This lecture has been *CANCELLED* due to unforeseen circumstances. We apologize for the inconvenience.
Isadore and Rosalie Sharp Lecture
Sharon Koren (Hebrew Union College - Jewish Institute of Religion)
"Redeeming Leah in the Zohar"
Date: Monday, September 27th at 4 PM
The Bible describes Leah as a weak-eyed and hated sister engaged in a bitter rivalry with her younger beautiful and shapely younger sister Rachel. Rabbinic midrash adds details to sanitize the biblical account, transforming the venomous rivalry into a tale of sororal devotion. The medieval Zohar, by contrast, employs a kabbalistic and hypo-literal reading to subvert the original meaning of the biblical text. Rachel is beautiful and easily seen in public because she is the Shekhinah, who functions as the portal to the heavenly sefirot. Leah, by contrast, is neither weak-eyed nor hated, but rather, difficult to see or to appreciate. She is the upper mother, the third sefirah Binah. Rachel is the “aqeret ha-bayit,” the barren woman in her home,” described in Psalms 113:9. Leah, by contrast is “the joyous mother of children.”
Prof. Koren suggests that the Zohar’s exegetical shift reflects the historical circumstances of the Jews in medieval Castile. The Circle of the Zohar reacts to internal and external threats to the Jewish community by casting Leah in a role that satisfies the needs of the Castilian Jewish community in the late-thirteenth and early fourteenth century. In this paper Prof. Koren will throw light on new developments in Christian exegesis, monumental sculpture, and Jewish-Christian polemic, that would have been familiar to a Castilian Jewish audience and could have provoked kabbalists, either through conscious borrowing, or through unconscious acculturation to adapt the symbol of Leah to a changing theological landscape.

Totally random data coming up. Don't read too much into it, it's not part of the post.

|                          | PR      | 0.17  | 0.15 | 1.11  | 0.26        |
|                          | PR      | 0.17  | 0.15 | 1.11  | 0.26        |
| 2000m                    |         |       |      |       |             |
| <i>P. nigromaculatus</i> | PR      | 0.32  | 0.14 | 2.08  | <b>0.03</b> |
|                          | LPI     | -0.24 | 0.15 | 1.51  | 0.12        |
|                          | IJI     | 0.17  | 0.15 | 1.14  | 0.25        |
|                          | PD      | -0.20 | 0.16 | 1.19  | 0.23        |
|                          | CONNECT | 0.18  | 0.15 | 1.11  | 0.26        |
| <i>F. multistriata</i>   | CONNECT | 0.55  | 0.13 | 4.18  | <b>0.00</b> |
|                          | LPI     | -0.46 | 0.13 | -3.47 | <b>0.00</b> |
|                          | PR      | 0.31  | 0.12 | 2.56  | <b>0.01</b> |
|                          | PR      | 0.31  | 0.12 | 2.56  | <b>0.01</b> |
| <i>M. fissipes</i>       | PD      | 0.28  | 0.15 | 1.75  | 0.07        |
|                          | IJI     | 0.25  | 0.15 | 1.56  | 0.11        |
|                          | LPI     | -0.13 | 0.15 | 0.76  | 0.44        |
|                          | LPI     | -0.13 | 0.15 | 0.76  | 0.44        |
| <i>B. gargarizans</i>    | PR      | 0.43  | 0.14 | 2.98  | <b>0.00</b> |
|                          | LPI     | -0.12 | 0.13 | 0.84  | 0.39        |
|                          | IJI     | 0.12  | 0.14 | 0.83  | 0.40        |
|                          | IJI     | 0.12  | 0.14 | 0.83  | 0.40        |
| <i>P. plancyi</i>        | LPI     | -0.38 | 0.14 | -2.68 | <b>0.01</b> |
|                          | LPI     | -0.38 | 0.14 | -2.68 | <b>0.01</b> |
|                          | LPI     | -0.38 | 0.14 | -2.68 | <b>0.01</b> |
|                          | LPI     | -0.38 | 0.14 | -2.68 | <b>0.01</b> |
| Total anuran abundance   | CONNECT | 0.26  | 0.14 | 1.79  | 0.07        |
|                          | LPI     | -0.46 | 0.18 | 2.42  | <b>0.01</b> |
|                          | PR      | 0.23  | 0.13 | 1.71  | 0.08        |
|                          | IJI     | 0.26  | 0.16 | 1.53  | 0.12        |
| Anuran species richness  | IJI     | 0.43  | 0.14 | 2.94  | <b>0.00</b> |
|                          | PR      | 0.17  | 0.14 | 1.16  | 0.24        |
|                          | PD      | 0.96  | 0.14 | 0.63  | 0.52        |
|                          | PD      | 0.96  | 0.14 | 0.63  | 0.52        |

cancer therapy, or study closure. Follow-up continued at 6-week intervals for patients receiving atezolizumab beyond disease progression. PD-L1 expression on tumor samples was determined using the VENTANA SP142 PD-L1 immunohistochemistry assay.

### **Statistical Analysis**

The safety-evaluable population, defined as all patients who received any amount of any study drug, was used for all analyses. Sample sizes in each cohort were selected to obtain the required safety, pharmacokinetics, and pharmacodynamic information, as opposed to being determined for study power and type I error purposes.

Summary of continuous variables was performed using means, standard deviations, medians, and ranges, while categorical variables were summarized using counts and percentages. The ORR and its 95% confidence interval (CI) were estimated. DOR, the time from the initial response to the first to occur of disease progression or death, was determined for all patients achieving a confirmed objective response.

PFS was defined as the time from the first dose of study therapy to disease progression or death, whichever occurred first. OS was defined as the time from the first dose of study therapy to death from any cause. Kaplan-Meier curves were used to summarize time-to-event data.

About the Speaker:
Sharon Faye Koren is an Associate Professor of Medieval Jewish Culture at the Hebrew Union College/Jewish Institute of Religion in New York City where she teaches courses in medieval, history, Biblical commentary, Jewish philosophy, and Jewish mysticism. Her publications include Forsaken: the Menstruant in Medieval Jewish Mysticism and many articles on gender and medieval Kabbalah. She is currently completing a book on the biblical heroines in the Zohar.